In contrast, dehydration occurs when loss of body fluids exceeds the amount consumed. Desert dwellers are especially susceptible to this condition, particularly during the summer months when temperatures can reach triple digits and risk of fluid loss increases. The key to preventing dehydration is not only to recognize the signs of the problem, but also to identify your risk factors and fluid needs and learn how to meet them.
The Food and Nutrition Board recommends that water intake should come from both foods and beverages. It is suggested that women consume 2.9 quarts and men consume nearly a gallon of water daily. According to the American Dietetic Association’s Complete Food and Nutrition Guide, the average adult loses about two and a half quarts a day through respiration, perspiration and elimination. This delicate fluid balance continually needs to be replenished.
The good news is that in addition to water, fluids such as coffee, tea, juice and soup count in meeting your fluid needs. Foods high in water content can also help prevent dehydration. Reach for the following nutritious foods that are especially high in water content: FOODS SERVINGS WATER CONTENT Lettuce 1/2 cup 95% Watermelon 1/2 cup 92% Broccoli 1/2 cup 91% Grapefruit 1/2 cup 91% Milk 1 cup 89% Orange juice 3/4 cup 88% Carrot 1/2 cup 87% Yogurt 1/2 cup 85% Apple 1 medium 84%
Not sure when you should have a drink? For most healthy people, the Institute of Medicine recommends letting thirst be your guide. However, if you’re exercising, don’t rely on thirst as a measure. In general, it is best to hydrate the day prior to strenuous exercise and during your workout routine. Producing clear, dilute urine is a good indicator of adequate hydration.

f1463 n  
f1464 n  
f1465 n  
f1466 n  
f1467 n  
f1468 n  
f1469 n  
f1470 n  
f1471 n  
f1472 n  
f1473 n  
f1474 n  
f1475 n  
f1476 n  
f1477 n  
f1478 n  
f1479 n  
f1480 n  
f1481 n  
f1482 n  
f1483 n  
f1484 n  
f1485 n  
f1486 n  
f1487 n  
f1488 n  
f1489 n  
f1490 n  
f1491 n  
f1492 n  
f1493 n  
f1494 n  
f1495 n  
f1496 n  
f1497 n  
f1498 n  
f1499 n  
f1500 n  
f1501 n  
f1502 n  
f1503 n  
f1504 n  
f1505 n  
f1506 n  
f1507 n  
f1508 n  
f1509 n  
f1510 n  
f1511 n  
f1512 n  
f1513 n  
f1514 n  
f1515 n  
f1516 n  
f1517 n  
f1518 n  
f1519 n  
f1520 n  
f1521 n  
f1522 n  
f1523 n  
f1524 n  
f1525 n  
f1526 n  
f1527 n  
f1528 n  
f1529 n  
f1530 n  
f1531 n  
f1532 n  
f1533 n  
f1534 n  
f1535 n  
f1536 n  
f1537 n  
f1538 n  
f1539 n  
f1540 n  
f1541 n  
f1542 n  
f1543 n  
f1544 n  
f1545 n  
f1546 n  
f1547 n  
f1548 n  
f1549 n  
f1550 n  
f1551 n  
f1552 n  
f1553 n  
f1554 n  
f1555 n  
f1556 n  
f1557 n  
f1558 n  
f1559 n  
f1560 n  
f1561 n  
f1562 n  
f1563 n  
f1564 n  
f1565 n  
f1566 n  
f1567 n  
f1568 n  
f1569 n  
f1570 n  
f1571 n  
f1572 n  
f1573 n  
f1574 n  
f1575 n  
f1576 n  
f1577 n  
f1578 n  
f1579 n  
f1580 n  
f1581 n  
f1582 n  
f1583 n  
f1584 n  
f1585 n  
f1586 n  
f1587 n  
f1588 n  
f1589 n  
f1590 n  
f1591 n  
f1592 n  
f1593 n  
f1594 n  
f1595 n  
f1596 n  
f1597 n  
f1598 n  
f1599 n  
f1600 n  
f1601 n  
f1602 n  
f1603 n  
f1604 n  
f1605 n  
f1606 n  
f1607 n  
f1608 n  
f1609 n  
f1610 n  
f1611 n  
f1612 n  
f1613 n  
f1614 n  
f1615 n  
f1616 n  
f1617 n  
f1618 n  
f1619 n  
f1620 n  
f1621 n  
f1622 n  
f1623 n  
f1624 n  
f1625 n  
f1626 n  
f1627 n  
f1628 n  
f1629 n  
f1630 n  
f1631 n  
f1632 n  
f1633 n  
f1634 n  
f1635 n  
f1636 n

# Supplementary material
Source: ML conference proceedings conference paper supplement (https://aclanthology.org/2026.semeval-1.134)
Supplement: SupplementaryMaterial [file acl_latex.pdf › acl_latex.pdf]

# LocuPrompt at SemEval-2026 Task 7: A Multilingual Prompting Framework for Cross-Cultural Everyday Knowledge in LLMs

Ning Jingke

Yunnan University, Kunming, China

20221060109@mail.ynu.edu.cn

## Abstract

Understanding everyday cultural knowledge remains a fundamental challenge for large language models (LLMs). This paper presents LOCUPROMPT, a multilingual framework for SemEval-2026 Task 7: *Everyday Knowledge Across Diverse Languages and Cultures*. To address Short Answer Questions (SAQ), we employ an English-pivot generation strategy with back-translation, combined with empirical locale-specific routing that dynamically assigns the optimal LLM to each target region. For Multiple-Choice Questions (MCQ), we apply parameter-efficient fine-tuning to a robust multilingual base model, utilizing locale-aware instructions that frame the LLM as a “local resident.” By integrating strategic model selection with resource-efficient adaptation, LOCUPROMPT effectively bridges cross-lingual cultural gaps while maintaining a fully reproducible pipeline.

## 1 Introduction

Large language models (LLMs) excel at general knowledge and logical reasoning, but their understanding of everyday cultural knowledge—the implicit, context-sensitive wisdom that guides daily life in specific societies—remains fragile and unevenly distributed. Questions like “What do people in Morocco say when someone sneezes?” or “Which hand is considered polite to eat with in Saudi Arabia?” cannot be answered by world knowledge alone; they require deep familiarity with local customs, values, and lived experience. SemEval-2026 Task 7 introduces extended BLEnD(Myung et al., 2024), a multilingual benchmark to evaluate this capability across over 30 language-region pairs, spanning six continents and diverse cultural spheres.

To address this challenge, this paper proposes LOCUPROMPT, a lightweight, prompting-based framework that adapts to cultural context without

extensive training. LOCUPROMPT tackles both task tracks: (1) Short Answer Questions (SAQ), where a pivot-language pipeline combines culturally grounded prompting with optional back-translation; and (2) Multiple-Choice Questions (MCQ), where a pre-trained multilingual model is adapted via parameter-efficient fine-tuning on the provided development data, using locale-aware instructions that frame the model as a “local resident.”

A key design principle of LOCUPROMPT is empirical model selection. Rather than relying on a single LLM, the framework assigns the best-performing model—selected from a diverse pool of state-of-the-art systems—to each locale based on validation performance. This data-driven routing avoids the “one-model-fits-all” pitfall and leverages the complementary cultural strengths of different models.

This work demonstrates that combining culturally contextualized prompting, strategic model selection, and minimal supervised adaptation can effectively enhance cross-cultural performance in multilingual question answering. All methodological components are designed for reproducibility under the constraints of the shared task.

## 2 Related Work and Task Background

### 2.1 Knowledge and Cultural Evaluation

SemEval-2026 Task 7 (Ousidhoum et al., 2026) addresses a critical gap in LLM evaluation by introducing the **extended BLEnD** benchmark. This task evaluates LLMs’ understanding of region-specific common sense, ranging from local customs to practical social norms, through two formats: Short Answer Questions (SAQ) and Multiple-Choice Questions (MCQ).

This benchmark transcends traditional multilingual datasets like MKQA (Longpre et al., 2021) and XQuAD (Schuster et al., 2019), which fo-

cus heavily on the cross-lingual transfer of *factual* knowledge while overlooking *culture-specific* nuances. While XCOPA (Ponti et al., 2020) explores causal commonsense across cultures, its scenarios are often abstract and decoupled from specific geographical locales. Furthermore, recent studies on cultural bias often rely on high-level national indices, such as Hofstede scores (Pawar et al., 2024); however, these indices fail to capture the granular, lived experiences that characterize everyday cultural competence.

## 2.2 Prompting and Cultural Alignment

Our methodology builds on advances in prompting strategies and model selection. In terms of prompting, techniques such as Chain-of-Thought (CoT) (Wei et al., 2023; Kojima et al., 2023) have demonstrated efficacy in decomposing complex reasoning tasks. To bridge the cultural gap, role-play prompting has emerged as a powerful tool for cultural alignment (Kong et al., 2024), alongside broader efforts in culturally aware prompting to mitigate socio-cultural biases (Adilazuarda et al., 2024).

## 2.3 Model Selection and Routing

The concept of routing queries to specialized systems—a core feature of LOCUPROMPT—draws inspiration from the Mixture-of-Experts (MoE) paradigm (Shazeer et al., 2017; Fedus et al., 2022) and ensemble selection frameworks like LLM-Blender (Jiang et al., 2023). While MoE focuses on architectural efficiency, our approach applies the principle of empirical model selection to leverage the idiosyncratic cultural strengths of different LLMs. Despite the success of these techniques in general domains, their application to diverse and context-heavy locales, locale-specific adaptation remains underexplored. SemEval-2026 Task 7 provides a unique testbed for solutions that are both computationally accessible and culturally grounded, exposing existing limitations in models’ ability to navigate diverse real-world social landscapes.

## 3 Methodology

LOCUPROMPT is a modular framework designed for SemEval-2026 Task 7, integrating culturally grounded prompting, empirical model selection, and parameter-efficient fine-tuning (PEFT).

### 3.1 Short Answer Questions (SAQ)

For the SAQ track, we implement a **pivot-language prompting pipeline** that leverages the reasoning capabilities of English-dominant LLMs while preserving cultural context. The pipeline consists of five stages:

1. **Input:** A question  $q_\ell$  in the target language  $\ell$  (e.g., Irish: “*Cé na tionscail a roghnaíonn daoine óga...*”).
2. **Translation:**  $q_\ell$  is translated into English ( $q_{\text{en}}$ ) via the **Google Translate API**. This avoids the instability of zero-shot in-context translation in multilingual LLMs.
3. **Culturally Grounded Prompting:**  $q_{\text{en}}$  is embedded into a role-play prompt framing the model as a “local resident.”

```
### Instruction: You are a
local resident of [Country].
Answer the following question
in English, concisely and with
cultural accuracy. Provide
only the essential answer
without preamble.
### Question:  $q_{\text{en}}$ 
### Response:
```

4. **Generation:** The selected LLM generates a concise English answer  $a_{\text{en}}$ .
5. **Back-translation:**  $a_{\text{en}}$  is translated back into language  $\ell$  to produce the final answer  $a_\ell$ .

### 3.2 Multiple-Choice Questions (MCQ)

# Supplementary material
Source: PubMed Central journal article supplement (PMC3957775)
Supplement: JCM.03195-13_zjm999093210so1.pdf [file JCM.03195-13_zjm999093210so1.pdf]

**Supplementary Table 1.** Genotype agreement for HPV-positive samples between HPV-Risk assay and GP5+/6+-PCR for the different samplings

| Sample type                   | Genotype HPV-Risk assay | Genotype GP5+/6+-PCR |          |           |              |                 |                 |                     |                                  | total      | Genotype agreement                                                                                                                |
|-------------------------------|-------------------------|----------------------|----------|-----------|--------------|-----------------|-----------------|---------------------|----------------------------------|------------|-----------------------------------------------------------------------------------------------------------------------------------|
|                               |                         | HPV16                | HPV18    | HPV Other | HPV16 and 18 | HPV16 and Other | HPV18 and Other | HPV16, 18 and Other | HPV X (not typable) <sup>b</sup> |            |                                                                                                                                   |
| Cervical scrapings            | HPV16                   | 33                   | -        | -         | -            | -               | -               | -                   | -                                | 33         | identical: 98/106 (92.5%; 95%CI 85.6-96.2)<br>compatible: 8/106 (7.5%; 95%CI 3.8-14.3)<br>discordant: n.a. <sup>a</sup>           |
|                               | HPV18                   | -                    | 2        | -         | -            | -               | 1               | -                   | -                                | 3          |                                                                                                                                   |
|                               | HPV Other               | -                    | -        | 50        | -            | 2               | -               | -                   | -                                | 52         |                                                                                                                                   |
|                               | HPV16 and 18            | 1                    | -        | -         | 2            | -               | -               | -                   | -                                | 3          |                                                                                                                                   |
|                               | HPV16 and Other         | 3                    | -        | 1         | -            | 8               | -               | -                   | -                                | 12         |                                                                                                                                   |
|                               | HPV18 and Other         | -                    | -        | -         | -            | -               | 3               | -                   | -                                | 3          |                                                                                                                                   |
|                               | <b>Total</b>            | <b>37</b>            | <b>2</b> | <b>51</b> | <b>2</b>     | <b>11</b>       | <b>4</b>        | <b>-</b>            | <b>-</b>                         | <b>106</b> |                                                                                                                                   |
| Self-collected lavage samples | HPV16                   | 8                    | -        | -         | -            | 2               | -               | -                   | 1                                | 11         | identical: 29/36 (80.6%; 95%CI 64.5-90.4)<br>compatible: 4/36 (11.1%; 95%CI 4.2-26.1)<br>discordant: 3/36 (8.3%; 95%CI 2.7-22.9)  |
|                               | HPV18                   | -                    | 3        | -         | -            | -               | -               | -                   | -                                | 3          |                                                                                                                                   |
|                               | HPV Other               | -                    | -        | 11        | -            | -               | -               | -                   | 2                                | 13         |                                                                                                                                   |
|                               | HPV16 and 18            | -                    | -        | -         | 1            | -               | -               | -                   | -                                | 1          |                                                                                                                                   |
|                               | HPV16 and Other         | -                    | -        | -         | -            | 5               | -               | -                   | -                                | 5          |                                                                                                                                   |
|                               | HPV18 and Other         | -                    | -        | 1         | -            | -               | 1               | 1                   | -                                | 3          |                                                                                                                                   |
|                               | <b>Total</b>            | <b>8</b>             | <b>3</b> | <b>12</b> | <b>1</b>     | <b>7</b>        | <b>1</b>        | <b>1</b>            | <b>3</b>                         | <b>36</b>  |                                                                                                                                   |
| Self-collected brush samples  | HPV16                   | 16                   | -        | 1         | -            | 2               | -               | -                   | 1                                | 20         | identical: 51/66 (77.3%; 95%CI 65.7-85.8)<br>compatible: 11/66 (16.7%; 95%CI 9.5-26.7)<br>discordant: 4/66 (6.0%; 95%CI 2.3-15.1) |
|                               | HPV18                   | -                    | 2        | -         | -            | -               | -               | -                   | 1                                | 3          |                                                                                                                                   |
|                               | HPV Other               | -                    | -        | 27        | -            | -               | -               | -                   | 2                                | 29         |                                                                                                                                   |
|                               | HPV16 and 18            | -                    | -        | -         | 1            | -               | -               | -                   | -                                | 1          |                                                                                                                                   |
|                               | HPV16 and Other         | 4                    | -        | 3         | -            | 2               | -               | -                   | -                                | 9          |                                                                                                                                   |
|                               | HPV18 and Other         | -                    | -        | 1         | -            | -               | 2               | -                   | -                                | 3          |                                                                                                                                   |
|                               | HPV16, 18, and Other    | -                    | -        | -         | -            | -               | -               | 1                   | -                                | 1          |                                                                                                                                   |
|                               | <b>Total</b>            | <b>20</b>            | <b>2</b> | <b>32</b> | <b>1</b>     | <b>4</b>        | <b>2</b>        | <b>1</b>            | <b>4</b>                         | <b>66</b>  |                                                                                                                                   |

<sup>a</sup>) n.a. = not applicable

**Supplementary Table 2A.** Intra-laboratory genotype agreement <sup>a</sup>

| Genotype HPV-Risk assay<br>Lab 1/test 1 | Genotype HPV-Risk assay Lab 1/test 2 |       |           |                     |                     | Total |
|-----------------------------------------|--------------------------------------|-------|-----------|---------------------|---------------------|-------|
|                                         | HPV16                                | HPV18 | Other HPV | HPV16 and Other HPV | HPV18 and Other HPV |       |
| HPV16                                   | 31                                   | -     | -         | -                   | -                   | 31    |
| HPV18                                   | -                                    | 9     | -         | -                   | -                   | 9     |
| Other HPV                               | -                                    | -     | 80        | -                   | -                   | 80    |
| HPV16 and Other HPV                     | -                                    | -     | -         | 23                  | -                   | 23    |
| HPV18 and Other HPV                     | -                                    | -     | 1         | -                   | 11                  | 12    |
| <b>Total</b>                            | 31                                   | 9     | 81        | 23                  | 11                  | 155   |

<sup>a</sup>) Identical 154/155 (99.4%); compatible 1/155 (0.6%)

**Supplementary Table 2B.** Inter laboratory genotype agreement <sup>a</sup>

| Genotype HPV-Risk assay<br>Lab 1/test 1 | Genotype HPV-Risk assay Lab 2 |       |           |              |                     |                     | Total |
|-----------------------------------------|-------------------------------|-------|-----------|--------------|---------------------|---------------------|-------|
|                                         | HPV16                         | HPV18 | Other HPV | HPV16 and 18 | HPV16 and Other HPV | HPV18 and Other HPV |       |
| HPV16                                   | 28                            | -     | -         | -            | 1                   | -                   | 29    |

If you are ill or feeling the first signs of a minor illness, start drinking extra water as soon as possible, thus avoiding dehydration and possibly warding off illness. Additional water is also needed in hot or humid weather, and helps lower the body temperature and replaces lost fluids from perspiration.
Remember, you may be at risk for dehydration if you have any of these risk factors: fever, vomiting, diarrhea, diabetes, use of diuretics or laxatives, excessive perspiration, dependence on others to be fed, and advanced age (a risk for lack of thirst recognition and aging kidneys). Be aware of signs of dehydration, which can include increased thirst, dry mouth, headaches, sluggishness, palpitations, confusion, dizziness, cramps, dark urine or decrease in urination. Severe dehydration is serious — it can be a life-threatening condition.
Daily fluid requirements can vary according to gender, exercise regime, age, heat exposure and medical conditions. However, including plenty of fluids and foods high in water content in your diet is an easy daily step in preventing dehydration. Bottoms up!
Photo: Andreas Koessler
CITRUS SALAD WITH BALSAMIC VINAIGRETTE
BY CHRIS SIMEONE, CEC EXECUTIVE CHEF
- 2 large red or pink grapefruit, peeled, seeded and sectioned
- 2 navel oranges, peeled, seeded and sectioned
- 4 kiwi fruit, peeled and sliced
- 1 demi-pint fresh raspberries -OR- 1cup fresh strawberries, quartered
- 1/4 cup virgin olive oil
- 1 Tablespoon fresh lime juice
- 1 Tablespoon canola oil
- 1 Tablespoon ground cumin
- 1/3 cup fresh orange juice, no pulp
- 3 Tablespoons aged balsamic vinegar
- 1 Tablespoon honey
- 1/4 teaspoon freshly ground pepper
- Fresh mint to garnish
Arrange grapefruit and oranges in the center of the plate, fanning out to form a circle, alternating each fruit. Place kiwi slices in the center of the citrus circle. Sprinkle raspberries over the kiwi in the center of the plate. Combine the remaining ingredients together, blending thoroughly, and drizzle the desired amount of dressing over fruit. Garnish with fresh mint.